Given the power of native dynamic SQL (EXECUTE IMMEDIATE), DBMS_SQL is used only for the most complex dynamic SQL requirements, such as method 4 (variable number of bind variables or elements in the SELECT list). If you do need to use DBMS_SQL in Oracle Database 12.2, you will now find it able to handle even more of those most complicated requirements.
Software is constantly evolving: bugs are fixed, new features are added, and better ways to do things are discovered and implemented.
A great example of this dynamic from PL/SQL itself is the UTL_CALL_STACK package. This package was first introduced in Oracle Database 12c Release 1, and it improves upon the functionality already provided by the following functions in the DMBS_UTILITY package: FORMAT_CALL_STACK, FORMAT_ERROR_STACK, and FORMAT_ERROR_BACKTRACE.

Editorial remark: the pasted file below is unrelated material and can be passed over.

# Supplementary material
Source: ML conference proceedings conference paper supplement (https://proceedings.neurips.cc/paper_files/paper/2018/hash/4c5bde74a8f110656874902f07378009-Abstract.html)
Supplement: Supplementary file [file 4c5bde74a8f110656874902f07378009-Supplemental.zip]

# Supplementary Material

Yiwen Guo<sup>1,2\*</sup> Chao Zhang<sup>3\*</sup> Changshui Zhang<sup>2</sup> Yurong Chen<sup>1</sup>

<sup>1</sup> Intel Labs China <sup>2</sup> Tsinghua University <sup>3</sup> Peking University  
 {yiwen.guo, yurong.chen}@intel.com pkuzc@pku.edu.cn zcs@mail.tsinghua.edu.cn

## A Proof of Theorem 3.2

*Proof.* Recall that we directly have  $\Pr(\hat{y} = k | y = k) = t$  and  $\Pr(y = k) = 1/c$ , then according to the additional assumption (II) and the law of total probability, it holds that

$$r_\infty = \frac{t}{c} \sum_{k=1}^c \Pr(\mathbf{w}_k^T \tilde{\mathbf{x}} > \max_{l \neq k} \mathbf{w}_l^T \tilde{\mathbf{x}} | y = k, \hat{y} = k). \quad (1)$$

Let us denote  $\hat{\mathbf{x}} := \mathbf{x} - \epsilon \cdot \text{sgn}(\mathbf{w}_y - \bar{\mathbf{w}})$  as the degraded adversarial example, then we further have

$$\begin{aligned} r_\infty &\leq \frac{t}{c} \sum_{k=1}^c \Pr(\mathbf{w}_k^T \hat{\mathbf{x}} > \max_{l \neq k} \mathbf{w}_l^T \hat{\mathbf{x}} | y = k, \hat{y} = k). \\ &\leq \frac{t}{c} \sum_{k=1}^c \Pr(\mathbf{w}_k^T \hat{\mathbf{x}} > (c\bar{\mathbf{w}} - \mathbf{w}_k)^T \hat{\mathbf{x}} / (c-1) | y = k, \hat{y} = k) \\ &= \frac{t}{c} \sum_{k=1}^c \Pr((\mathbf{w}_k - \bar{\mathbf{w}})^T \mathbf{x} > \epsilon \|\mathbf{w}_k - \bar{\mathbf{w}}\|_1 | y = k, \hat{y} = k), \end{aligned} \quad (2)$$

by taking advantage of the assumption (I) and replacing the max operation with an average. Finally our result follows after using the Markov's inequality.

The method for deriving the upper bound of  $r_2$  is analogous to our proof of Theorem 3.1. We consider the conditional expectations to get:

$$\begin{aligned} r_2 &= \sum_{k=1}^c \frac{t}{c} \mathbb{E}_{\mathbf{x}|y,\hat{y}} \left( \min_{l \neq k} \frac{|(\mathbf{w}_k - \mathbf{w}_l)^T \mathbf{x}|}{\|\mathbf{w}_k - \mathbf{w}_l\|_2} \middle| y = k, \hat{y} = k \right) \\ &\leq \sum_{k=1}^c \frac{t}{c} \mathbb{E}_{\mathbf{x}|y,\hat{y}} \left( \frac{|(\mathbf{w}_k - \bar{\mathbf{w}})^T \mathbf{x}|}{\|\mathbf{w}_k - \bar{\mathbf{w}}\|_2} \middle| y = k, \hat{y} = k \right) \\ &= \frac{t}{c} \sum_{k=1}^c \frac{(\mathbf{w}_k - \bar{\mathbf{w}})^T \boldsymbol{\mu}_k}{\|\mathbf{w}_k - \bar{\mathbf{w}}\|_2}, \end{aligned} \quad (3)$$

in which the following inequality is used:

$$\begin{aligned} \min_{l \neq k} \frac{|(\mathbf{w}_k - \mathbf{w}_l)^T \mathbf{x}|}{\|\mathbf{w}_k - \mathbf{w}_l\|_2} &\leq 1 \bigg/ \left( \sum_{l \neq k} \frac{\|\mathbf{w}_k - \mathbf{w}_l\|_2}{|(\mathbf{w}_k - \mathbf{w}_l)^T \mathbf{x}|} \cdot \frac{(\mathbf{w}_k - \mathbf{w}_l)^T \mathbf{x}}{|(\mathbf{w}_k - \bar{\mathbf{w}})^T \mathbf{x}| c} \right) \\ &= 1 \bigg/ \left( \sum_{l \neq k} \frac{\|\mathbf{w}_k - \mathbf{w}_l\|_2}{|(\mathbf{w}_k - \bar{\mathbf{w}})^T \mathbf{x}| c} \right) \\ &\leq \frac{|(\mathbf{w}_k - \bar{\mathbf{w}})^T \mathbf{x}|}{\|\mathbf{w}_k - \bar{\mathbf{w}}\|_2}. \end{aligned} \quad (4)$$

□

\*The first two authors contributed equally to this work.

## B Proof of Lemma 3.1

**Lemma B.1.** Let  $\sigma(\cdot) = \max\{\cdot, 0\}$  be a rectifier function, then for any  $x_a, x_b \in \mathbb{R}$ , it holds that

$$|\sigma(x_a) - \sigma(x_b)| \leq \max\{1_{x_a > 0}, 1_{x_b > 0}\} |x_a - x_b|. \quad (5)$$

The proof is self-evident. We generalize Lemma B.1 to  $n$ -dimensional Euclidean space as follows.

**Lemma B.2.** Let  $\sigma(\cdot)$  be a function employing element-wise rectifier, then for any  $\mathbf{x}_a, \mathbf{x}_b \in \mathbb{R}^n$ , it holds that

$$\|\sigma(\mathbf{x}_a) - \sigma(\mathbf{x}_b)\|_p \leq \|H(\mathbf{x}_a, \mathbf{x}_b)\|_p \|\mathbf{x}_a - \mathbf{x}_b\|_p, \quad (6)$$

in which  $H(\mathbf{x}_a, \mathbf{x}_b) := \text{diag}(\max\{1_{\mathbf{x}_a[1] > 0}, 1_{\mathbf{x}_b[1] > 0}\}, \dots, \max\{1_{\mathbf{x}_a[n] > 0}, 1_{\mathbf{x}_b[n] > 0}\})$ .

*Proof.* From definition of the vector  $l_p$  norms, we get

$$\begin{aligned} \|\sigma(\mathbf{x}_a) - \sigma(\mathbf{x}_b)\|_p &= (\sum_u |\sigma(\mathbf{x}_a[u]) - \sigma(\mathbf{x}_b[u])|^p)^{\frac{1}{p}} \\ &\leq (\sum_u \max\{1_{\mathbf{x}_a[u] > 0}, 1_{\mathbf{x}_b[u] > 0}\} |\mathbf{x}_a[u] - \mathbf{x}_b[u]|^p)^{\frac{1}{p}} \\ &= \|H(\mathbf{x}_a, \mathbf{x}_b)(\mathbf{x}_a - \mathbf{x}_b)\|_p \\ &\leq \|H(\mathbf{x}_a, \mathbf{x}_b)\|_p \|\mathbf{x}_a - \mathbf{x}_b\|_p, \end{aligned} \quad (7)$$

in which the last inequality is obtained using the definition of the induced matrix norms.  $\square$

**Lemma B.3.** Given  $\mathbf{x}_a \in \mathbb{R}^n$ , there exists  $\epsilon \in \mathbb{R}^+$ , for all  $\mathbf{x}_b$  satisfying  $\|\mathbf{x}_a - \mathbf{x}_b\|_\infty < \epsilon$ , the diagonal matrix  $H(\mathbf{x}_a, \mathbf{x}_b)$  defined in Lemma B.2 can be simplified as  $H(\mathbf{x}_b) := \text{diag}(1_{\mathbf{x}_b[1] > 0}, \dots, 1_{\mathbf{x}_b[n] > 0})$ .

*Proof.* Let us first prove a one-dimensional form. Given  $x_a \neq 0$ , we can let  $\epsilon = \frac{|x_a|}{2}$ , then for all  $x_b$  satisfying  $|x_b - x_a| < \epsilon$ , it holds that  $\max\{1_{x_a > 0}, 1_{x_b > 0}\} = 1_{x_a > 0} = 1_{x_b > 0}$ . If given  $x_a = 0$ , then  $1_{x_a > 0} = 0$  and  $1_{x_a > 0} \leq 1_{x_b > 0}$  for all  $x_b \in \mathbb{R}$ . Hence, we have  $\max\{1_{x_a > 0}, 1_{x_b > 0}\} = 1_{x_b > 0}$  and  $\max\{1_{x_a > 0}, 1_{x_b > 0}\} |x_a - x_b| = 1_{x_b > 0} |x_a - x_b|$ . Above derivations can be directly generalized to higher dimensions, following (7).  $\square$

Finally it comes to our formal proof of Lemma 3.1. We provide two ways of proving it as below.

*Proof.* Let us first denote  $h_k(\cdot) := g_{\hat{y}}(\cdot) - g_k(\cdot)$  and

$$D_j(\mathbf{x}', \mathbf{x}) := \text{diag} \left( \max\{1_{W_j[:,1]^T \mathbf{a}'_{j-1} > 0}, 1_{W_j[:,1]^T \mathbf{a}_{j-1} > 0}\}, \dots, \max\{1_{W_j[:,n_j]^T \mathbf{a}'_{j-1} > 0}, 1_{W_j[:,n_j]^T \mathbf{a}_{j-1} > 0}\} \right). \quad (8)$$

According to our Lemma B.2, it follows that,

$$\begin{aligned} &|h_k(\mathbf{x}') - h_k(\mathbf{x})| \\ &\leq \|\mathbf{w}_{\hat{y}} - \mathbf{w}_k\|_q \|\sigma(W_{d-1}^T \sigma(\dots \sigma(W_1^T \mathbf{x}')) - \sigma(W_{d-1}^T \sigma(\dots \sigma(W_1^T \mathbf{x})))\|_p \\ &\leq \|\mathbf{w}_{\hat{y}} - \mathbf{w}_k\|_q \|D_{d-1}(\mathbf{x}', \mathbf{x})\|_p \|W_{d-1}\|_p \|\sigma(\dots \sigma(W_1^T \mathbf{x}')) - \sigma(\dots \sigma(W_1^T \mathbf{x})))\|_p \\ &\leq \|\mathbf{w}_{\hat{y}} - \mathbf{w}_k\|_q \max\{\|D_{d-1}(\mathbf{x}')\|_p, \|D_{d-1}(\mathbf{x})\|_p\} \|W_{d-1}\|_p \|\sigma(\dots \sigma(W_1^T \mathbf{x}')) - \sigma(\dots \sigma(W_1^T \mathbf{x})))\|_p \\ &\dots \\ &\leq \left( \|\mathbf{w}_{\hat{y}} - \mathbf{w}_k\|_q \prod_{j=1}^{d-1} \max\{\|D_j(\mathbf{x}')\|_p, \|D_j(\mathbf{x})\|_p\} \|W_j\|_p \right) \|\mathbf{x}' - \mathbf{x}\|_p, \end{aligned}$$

The same thing happens in PL/SQL code developed by customers. The now-outdated subprograms (or other elements) of one’s API cannot be removed immediately; that would break existing code. But everyone would like to make sure that any new code uses the new API.
The new DEPRECATE pragma (compiler directive) in Oracle Database 12.2 will help you accomplish this transition in a smooth, error-free fashion. It provides a formal way to communicate information about deprecated elements with a power that ordinary external documentation cannot convey.
You can apply this new pragma to a whole unit, to a subprogram within a unit, at any level of nesting, to any definition, and so on. When a unit is compiled that makes a reference to a deprecated element, a warning is displayed (when you have compile time warnings enabled).
Let’s take a look at some examples.
CREATE PACKAGE pkg AUTHID DEFINER AS PRAGMA DEPRECATE(pkg); PROCEDURE proc; FUNCTION func RETURN NUMBER; END; /
CREATE PACKAGE pkg AUTHID DEFINER AS PROCEDURE proc; PRAGMA DEPRECATE ( proc, 'pkg.proc deprecated. Use pkg.new_proc instead.'); PROCEDURE new_proc; END; /
Let’s try using that deprecated procedure, with warnings enabled.